SEA MONSTERS: A PREHISTORIC ADVENTURE

NR
Reviews

The latest attempt to cash in on the unending fascination children have for anything dinosaur is Sea Monsters: A Prehistoric Adventure, a large-format film seen best in 3D. Set primarily during the Cretaceous period 80 million years ago, when much of the planet was underwater, Sea Monsters depicts a world in which dinosaurs assumed unusual forms, captured here by state-of-the-art image technology. Based in part on a 2005 National Geographic Magazine cover story, the film is destined to be a staple of the large-format repertoire.

Writer Mose Richards offers two storylines, both easy enough for young children to follow. The first concerns 20th-century investigative work by paleontologists uncovering dinosaur fossils in locations around the globe. Efficient but not terribly interesting, this material offers a thin veneer of science to justify the animation that is at the core of the film. For the dinosaur scenes, Richards, aided by a team of consultants, invents a world of "good" and "bad" reptiles. A mother Dolichorhynchops and her daughter and son stand in for the former. Vaguely similar to dolphins and porpoises, the young "dollies" gambol in the water much like characters in Finding Nemo.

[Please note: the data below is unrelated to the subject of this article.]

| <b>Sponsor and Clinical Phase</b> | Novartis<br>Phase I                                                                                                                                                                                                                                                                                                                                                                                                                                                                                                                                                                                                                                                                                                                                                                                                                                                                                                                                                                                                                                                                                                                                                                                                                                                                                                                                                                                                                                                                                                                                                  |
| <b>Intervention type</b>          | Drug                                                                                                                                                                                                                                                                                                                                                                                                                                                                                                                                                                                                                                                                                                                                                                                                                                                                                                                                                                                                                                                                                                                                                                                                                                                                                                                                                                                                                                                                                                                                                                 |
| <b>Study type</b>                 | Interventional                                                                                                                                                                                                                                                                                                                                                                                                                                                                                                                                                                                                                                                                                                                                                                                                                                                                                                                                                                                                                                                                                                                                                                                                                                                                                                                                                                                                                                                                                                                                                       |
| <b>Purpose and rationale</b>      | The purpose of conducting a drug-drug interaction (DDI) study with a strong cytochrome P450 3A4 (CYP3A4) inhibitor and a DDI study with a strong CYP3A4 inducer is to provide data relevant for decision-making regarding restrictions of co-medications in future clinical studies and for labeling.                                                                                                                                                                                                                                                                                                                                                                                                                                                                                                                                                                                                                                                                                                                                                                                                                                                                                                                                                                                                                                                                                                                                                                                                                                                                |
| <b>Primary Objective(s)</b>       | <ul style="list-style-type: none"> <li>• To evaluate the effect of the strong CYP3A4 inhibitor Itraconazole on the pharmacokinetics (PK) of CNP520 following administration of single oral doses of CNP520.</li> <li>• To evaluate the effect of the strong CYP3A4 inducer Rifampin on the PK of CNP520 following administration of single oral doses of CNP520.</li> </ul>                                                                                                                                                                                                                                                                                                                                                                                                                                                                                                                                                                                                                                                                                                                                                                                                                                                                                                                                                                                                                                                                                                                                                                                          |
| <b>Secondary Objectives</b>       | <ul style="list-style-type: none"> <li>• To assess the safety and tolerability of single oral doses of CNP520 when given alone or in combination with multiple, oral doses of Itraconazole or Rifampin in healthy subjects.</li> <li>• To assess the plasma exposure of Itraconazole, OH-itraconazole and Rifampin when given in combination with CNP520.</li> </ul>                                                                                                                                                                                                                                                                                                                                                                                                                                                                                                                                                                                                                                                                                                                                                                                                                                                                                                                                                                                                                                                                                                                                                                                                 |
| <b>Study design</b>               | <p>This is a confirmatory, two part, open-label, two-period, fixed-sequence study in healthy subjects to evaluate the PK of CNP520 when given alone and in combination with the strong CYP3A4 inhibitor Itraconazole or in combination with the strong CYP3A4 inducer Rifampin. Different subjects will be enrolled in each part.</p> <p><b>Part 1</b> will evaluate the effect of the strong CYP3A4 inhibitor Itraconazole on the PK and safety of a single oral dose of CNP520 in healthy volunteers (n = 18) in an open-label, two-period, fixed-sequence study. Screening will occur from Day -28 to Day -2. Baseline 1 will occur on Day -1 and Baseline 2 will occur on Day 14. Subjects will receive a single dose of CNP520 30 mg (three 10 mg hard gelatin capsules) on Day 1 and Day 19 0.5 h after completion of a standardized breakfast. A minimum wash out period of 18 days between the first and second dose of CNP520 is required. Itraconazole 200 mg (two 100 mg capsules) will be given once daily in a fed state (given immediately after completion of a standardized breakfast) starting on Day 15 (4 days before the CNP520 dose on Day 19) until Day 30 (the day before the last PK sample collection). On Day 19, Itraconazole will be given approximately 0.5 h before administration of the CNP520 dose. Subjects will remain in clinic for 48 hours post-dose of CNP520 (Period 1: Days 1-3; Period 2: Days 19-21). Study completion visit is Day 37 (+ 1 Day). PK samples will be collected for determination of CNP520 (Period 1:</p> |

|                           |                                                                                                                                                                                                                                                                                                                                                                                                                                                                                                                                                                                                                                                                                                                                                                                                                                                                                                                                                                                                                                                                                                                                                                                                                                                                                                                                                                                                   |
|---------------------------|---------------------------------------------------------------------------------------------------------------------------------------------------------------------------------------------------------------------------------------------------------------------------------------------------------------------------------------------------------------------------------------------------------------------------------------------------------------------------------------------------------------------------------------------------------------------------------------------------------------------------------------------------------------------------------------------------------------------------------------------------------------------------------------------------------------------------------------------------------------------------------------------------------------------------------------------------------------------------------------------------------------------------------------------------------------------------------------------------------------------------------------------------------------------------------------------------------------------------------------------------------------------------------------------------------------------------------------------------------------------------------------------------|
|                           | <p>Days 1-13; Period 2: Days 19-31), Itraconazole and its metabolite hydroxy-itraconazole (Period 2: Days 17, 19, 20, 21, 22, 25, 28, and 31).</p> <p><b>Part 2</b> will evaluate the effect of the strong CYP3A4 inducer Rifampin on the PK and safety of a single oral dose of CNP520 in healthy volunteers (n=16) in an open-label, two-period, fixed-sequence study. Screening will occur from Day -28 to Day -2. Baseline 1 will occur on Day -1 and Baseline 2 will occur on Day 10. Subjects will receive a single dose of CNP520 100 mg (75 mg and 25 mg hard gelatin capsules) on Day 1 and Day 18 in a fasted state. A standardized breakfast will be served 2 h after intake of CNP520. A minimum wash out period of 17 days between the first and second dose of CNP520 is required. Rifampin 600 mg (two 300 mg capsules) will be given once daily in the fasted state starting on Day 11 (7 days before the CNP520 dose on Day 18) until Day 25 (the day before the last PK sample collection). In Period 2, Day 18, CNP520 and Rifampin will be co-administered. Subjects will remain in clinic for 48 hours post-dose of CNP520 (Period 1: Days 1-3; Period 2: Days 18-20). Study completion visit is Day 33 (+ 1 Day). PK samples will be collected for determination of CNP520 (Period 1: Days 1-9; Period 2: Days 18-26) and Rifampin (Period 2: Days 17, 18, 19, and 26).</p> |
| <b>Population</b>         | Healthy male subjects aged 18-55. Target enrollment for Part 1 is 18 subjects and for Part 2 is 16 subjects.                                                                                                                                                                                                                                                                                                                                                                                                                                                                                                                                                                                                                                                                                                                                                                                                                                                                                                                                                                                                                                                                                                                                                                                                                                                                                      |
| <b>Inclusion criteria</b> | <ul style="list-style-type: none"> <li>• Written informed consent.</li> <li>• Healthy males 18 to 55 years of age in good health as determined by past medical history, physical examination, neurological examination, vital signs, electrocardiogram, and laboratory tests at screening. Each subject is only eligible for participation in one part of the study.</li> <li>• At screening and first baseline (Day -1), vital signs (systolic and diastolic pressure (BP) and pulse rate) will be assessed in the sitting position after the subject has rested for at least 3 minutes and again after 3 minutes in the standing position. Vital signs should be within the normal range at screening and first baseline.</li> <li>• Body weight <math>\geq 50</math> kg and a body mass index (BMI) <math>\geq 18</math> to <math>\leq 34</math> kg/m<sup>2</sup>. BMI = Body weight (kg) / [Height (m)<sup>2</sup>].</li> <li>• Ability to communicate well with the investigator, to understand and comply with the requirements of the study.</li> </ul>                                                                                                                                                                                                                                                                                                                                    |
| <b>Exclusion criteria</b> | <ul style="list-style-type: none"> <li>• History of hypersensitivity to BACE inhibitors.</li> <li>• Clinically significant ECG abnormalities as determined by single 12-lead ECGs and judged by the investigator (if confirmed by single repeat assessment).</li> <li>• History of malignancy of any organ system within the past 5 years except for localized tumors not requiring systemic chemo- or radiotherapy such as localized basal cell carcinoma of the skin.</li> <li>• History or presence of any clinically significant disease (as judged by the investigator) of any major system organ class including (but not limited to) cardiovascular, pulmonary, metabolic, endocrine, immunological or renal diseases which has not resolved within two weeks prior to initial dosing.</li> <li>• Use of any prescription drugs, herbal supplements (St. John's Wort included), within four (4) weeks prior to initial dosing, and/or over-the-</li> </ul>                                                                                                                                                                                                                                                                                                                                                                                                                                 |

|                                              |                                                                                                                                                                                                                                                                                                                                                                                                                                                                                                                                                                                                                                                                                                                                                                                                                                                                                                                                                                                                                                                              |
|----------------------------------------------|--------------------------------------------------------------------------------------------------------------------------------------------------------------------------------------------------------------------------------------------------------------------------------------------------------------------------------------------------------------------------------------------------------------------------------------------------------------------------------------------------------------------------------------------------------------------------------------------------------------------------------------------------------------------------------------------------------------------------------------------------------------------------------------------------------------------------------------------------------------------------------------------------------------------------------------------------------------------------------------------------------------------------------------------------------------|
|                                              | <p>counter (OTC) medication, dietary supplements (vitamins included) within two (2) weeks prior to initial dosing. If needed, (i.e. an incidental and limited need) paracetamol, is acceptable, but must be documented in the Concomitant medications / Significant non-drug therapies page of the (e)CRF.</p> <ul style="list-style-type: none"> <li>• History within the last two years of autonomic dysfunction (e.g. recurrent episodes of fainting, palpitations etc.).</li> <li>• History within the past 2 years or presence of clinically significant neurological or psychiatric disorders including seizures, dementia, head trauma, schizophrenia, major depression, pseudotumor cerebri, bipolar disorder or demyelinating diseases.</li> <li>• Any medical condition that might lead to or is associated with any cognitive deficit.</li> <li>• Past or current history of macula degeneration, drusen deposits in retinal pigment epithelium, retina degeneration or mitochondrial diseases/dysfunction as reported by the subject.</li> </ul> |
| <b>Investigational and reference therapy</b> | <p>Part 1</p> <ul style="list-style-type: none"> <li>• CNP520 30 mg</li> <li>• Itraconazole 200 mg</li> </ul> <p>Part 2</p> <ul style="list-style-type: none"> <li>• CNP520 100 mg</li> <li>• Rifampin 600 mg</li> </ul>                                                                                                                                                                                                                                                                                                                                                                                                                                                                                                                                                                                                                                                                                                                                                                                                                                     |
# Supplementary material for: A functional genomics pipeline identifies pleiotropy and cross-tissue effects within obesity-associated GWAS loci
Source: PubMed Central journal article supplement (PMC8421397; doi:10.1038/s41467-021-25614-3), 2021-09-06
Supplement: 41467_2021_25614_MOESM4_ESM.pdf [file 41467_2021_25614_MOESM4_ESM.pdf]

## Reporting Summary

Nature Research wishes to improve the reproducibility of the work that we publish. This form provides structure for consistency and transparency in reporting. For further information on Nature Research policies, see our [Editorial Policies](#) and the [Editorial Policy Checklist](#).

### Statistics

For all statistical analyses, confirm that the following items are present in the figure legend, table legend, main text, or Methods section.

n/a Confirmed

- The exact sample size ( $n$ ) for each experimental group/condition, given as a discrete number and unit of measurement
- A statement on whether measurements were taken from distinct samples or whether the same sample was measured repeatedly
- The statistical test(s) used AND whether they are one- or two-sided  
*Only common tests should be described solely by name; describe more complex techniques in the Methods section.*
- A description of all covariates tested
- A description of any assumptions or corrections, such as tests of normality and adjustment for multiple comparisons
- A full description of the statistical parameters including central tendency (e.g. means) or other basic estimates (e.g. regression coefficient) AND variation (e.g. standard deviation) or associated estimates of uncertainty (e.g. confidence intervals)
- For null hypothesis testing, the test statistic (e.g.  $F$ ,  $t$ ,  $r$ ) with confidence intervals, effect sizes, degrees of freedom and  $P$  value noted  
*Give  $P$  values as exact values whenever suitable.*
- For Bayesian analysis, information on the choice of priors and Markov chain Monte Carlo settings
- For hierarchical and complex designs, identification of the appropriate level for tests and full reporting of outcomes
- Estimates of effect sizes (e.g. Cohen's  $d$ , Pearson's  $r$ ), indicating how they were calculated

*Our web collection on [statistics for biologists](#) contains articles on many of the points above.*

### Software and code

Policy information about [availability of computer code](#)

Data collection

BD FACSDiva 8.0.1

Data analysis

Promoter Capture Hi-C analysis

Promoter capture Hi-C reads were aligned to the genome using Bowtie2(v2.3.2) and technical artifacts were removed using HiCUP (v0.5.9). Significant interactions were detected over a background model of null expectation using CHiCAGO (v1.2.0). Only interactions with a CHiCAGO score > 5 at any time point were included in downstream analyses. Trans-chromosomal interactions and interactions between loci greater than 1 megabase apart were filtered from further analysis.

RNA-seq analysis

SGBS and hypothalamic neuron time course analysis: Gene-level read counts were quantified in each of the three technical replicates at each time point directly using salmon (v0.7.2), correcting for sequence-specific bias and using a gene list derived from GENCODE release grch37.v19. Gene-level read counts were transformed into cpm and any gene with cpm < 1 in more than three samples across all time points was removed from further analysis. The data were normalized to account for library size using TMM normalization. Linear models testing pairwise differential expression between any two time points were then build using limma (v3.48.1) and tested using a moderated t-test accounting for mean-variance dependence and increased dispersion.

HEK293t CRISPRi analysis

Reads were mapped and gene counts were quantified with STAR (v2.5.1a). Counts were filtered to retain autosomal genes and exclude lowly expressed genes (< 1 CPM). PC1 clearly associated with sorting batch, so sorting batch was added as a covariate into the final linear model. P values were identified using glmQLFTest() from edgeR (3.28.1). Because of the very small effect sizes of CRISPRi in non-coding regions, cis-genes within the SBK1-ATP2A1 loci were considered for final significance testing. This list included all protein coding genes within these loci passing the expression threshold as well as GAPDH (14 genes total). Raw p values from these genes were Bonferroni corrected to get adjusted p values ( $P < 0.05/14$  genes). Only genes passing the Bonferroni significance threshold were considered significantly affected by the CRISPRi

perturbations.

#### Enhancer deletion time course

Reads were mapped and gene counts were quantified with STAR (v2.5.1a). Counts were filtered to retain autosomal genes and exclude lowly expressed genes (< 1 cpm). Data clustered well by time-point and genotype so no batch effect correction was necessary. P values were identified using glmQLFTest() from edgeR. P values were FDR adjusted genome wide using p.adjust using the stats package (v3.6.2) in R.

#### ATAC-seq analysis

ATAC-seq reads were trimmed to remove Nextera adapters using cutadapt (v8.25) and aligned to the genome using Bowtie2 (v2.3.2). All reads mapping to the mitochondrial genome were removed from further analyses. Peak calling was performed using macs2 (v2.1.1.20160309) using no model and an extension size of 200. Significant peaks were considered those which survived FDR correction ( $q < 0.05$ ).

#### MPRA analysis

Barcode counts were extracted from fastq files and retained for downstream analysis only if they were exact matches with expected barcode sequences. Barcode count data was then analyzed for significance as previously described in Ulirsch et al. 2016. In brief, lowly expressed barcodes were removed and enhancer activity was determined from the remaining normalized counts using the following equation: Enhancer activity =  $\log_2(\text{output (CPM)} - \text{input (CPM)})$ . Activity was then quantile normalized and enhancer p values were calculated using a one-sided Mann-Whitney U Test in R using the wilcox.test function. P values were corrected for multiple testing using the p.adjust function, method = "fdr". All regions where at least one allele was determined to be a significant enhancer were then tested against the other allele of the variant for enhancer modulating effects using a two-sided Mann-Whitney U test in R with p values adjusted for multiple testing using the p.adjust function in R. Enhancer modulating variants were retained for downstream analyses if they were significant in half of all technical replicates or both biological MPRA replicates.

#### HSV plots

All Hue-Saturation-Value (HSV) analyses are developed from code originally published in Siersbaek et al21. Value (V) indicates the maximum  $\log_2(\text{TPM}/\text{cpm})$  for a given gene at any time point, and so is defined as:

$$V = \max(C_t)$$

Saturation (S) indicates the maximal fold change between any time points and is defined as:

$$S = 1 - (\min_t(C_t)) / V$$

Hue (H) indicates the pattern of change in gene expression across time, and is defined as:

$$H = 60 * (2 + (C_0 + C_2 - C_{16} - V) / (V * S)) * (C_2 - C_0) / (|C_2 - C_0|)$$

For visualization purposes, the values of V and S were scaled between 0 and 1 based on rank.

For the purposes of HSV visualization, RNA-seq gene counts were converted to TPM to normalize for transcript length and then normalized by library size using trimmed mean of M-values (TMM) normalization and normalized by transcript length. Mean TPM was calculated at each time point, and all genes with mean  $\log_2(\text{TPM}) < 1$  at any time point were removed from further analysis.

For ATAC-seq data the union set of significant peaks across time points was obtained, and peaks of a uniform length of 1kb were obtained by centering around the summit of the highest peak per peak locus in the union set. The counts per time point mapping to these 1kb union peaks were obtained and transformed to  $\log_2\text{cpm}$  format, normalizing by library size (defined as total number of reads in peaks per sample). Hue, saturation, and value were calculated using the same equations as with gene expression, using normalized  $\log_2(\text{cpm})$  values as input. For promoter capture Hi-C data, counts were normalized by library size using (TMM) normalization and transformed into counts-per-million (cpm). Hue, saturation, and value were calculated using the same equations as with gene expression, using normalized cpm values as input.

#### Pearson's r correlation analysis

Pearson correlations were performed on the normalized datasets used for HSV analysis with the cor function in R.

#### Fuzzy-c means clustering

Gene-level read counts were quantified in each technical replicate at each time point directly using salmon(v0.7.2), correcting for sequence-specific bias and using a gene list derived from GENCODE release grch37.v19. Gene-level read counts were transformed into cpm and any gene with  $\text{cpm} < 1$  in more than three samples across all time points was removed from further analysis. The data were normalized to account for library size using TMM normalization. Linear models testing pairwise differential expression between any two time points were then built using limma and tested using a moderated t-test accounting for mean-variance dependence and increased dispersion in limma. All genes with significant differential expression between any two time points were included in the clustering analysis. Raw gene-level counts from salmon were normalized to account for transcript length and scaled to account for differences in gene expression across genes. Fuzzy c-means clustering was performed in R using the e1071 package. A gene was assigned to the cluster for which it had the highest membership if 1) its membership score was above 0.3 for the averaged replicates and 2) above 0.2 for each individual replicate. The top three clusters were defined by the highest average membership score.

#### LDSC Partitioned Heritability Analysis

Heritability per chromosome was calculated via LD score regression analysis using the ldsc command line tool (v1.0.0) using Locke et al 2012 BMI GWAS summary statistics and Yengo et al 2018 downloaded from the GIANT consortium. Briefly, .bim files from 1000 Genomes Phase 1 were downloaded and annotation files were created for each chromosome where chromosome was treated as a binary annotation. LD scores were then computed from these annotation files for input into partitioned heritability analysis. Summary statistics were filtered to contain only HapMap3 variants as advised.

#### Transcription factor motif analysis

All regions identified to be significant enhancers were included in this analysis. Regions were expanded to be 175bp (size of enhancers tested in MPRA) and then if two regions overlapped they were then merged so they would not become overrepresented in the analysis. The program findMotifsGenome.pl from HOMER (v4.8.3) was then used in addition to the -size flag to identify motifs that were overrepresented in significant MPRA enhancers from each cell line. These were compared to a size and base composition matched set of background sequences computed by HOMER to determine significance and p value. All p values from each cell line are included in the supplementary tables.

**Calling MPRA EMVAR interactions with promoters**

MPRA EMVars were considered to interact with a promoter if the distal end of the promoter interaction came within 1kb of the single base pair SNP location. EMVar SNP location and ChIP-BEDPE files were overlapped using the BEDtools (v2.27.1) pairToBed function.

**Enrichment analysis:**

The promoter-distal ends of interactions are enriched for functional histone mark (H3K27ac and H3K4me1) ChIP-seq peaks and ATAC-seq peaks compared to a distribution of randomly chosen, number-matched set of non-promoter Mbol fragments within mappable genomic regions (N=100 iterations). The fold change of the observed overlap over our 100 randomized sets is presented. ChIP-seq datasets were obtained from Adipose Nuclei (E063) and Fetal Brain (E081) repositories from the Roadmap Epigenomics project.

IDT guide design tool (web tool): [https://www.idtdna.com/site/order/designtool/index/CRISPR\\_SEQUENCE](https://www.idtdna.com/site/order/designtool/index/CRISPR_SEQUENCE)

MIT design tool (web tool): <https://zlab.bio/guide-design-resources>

The "bad" monsters come in the form of predators who chase, attack, tear, chew and swallow their prey whole. In the film's most effective shot, repeated a number of times, a dinosaur shoots out of the water straight for the lens, a writhing victim clutched in its giant jaws. Waiting for the next attack becomes the real focus of Sea Monsters, not the educated guesswork about dinosaur playtime or the largely featureless underwater world.

Parents with misgivings about the instructional value of Sea Monsters may still find it hard to avoid the commercial juggernaut behind the film. National Geographic has announced several Sea Monsters "companion" books, as well as videogames, plush toys, puzzles and apparel. Let's hope a portion of the income generated by the dollies and their companions winds up funding actual paleontology research.